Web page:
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Vancouver’s downtown office-tower boom: It couldn’t go on forever, so half of current projects will likely wait a few years

February 25th, 2013 · 3 Comments

It’s been a point of pride for Vancouver boosters to talk about the way the office builders want to be downtown. And, it’s true, they do.

But Vancouver is a limited market and so, the million or so square feet currently under construction is likely going to soak up whatever moving around people want to do, plus a few new entrants in the market.

Not the end of the world, but proof once more that we ain’t Calgary or Toronto by a long shot. My story.


Published Thursday, Feb. 21, 2013 07:42PM EST

Last updated Thursday, Feb. 21, 2013 07:47PM EST

The Vancouver office-tower boom is gearing down.

After a couple years of heady development in which almost a dozen new towers were proposed, construction on half of them is likely to be put off for the immediate future, the city’s commercial brokers say.

“With the five that are already in the mix, I’d say there will be a pause,” said Bart Corbett, the senior vice-president for office leasing at Cushman Wakefield. “Those four to five buildings have more or less tapped the tangible leases in our market.”

That doesn’t mean downtown Vancouver has become less desirable. It still commands the highest prices and has the lowest vacancy rate in the region – 3.9 per cent, compared to as high as 20 per cent in some suburban areas.

But Mr. Corbett and others say that the stagnant economy is making many clients hesitate to undertake big moves, which can cost as much as $100 a square foot just for the relocation expenses.

And Vancouver, unlike explosively growing Calgary or head-office-central Toronto, just doesn’t have that many tenants that need lots of floor space – the kind of companies that office developers need as anchors for expensive new towers.

Mr. Corbett said anyone who looks at the small group of tenants who need 80,000 square feet or more, then calculates when their current lease dates end, will realize only one large company in Vancouver is likely to move. He would not say which one.

Others are making the same assessment.

“We live in a branch-plant city, which means a small market and mostly small tenants,” said Maury Dubuque, the manager for tenant advisory services at Colliers International.

He noted that the poor global economic conditions have caused some operations to shrink or even leave Vancouver, as the Spanish renewable energy firm Acciona did last year.

And Bill Elliott, a principal at the commercial real estate firm Avison Young, said it will likely be three years before a new set of towers could nab any large clients.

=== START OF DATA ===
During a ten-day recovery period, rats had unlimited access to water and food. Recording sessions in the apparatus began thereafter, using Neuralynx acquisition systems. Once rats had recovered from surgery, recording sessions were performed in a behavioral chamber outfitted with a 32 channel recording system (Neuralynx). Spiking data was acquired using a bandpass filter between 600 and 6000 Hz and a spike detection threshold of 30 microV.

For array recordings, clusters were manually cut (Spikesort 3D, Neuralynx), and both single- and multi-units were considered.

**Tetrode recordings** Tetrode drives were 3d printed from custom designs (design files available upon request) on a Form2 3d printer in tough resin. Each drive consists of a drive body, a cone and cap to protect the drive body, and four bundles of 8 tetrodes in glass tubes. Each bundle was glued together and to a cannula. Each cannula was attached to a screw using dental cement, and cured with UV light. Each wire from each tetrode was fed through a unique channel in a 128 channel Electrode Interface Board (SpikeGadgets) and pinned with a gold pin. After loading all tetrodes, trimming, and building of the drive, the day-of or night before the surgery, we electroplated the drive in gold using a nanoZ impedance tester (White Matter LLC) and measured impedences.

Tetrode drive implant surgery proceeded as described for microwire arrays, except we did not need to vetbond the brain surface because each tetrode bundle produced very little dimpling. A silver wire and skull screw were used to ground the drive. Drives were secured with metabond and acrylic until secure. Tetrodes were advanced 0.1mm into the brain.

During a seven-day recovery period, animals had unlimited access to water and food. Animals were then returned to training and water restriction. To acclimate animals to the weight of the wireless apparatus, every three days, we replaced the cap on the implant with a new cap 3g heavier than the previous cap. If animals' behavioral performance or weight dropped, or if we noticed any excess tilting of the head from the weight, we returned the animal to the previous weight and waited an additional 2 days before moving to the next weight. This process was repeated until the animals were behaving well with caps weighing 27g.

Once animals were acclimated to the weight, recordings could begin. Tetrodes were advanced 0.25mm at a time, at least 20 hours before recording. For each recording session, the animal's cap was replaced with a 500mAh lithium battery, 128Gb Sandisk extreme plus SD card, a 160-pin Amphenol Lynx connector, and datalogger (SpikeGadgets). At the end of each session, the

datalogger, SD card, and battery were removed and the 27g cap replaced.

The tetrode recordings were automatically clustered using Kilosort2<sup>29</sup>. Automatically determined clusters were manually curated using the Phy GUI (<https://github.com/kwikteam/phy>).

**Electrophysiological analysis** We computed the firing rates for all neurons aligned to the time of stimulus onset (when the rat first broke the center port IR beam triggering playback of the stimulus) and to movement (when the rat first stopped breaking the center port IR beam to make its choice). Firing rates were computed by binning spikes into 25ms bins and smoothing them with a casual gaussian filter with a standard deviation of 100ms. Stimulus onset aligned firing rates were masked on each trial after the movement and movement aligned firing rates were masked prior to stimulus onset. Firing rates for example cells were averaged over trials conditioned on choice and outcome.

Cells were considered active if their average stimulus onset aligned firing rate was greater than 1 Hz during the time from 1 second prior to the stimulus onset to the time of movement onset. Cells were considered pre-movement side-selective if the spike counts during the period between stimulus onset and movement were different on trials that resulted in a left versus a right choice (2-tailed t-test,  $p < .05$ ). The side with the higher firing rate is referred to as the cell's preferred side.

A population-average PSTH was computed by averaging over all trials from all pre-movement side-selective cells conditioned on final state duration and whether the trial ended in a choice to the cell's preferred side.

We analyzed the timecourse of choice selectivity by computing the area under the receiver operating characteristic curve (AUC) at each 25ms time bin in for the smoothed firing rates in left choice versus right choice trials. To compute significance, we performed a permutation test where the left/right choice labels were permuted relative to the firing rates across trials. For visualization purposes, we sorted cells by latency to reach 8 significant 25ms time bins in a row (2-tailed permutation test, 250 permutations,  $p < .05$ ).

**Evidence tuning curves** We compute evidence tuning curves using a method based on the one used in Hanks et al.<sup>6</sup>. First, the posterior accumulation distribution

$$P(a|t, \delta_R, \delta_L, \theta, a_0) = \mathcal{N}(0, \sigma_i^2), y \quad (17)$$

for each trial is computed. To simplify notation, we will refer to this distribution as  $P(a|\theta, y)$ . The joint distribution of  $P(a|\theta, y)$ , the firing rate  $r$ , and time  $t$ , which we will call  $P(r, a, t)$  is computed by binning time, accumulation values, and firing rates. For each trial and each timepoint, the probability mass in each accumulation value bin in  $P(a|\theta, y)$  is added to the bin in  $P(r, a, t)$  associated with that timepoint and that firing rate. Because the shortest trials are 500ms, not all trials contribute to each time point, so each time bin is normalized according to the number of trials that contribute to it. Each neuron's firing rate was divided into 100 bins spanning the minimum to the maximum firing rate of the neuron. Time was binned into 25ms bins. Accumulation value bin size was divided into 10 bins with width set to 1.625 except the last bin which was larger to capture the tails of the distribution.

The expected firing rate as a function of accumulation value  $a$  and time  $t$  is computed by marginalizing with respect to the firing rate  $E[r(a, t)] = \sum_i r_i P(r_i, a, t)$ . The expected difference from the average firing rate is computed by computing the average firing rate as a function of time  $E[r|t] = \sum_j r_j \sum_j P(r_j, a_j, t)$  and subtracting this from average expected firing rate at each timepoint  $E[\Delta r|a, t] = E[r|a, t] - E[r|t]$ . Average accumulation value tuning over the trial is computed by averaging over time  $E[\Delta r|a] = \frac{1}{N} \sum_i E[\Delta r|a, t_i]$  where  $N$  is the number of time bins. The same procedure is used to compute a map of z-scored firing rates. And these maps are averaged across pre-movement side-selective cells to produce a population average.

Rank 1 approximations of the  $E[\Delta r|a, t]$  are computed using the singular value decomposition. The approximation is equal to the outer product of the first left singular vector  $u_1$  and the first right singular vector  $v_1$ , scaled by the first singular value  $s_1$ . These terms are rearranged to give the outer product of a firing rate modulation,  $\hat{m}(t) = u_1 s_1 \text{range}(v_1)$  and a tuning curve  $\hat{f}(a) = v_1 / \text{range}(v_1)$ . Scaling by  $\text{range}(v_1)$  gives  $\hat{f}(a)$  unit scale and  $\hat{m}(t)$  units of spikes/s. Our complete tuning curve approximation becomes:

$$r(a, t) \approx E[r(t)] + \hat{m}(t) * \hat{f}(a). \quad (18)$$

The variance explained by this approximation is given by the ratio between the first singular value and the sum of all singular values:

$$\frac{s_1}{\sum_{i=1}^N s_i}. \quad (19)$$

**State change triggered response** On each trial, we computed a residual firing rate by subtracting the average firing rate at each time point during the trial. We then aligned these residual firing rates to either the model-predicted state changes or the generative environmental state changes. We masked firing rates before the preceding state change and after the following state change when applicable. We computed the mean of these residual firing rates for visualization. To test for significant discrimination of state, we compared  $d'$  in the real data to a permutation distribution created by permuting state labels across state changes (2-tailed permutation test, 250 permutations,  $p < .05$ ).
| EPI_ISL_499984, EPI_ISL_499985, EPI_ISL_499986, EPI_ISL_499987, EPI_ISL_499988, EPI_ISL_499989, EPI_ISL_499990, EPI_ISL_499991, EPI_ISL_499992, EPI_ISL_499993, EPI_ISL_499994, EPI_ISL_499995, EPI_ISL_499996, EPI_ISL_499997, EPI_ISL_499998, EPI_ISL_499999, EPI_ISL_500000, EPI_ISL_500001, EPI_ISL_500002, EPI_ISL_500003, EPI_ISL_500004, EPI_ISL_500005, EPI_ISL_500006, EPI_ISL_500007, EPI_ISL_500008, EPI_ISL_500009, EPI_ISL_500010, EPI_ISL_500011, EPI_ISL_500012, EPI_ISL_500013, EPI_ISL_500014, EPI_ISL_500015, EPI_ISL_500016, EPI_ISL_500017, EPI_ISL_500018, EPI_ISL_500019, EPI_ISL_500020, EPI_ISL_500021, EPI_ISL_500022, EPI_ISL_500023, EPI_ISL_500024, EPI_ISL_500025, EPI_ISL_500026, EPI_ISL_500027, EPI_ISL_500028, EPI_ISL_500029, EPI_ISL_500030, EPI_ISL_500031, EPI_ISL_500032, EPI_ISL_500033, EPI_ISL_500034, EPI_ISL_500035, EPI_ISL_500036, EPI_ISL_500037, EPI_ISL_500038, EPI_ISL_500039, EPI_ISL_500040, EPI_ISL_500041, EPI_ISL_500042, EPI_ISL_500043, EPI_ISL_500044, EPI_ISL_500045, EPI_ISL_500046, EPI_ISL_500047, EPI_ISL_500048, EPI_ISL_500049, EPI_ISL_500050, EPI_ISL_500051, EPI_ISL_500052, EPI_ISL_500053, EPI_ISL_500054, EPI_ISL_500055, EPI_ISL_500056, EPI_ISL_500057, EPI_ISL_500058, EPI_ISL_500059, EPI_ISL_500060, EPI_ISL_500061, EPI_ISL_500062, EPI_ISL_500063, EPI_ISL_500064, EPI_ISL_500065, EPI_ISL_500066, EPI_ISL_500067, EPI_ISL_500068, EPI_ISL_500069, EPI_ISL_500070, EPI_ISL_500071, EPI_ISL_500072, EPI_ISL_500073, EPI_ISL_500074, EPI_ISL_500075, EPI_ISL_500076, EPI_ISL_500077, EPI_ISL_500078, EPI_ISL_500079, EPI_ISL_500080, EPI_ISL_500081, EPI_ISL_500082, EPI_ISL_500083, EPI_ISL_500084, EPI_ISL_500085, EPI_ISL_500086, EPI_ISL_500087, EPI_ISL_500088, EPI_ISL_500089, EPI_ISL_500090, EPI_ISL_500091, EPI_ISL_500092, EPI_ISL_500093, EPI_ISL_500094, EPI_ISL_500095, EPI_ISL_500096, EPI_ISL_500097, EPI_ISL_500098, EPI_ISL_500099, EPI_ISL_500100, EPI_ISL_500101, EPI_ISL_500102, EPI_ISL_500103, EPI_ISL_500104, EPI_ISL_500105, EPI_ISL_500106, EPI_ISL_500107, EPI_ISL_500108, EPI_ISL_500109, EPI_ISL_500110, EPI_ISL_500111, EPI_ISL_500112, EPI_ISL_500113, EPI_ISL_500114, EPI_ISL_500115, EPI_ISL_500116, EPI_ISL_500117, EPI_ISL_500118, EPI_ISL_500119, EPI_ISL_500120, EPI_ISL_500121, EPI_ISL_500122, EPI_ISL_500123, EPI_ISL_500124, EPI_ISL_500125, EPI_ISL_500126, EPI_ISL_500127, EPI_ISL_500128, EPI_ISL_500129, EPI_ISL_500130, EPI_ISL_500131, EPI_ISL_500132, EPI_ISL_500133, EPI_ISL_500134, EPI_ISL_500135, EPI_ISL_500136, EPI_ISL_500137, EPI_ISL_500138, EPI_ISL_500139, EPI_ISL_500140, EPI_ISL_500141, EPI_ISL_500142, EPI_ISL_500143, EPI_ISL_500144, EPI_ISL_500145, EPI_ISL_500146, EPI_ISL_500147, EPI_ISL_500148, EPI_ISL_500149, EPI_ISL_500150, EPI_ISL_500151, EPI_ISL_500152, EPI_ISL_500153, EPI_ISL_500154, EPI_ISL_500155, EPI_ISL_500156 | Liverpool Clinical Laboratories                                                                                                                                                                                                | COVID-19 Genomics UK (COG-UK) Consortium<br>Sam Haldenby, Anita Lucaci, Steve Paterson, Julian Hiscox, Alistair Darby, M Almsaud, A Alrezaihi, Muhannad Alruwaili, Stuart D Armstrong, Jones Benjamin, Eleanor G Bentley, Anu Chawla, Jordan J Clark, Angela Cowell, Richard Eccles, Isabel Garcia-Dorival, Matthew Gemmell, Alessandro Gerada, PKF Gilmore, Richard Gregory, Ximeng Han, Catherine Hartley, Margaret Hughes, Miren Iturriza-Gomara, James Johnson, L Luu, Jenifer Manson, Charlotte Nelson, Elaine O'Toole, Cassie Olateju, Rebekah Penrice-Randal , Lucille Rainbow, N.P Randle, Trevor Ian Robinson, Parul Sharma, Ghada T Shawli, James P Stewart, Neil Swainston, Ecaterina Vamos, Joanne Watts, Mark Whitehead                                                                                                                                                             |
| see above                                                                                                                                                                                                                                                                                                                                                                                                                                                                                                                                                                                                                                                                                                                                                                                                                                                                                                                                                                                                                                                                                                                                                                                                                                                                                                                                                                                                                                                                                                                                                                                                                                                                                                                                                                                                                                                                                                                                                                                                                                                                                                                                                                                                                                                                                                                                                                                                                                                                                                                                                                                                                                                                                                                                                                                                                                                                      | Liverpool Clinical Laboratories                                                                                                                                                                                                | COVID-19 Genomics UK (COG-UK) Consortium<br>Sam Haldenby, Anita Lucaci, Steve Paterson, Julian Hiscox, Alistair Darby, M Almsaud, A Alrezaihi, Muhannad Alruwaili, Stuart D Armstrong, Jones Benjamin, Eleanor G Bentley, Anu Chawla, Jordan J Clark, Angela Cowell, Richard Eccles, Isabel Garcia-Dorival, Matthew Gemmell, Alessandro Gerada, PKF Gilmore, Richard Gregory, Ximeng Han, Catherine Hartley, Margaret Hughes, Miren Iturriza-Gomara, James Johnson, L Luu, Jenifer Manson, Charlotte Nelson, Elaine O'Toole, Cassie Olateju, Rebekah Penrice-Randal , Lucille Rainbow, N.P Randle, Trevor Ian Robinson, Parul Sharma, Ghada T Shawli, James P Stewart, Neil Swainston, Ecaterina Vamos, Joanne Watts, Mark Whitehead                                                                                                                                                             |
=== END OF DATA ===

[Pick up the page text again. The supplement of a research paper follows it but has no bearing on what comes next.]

He said companies are still moving to Vancouver and existing companies expanding.

Amazon is looking for a substantial chunk of space in the Vancouver market for its Canadian operations, while companies like KPMG and SNC Lavalin are growing. But that isn’t enough to anchor any of the proposed towers that haven’t broken ground yet.

Under way right now are the Telus office tower at Georgia and Seymour streets, the MNP tower by Oxford Properties next to the Marine Building, the Bentall tower at 745 Thurlow St., the conversion of the former Sears Centre to a Nordstrom department store, with four spacious floors of office above, and an Aquilini building next to Rogers Stadium that will be either partial or complete office use.

Telus and Aquilini are planning to occupy a lot of space with their own operations, and Telus has a big law firm as a second tenant. Both MNP and Bentall have major anchor tenants, but haven’t fully leased their buildings yet. And no deals have been announced for the Cadillac Fairview building that will have Nordstrom on the lower floors.

Proposed developments that are likely to be delayed include the Stock Exchange tower by Credit Suisse, a site at Howe and Nelson streets owned by Manulife, the Pattison development on Burrard Street, and a site opposite the former train station on Cordova Street, the property of Whitecaps owner Greg Kerfoot.

The recession had prompted some companies to move from the suburbs to Vancouver to be near transit, entertainment and shopping. Those are still strong attractions, brokers say.

But, for now, Vancouver’s game of musical chairs for offices has come to a halt.

“We’re not going to see four other office buildings come up on spec,” Mr. Elliott said. “They’re not going to build until they see someone committing.”


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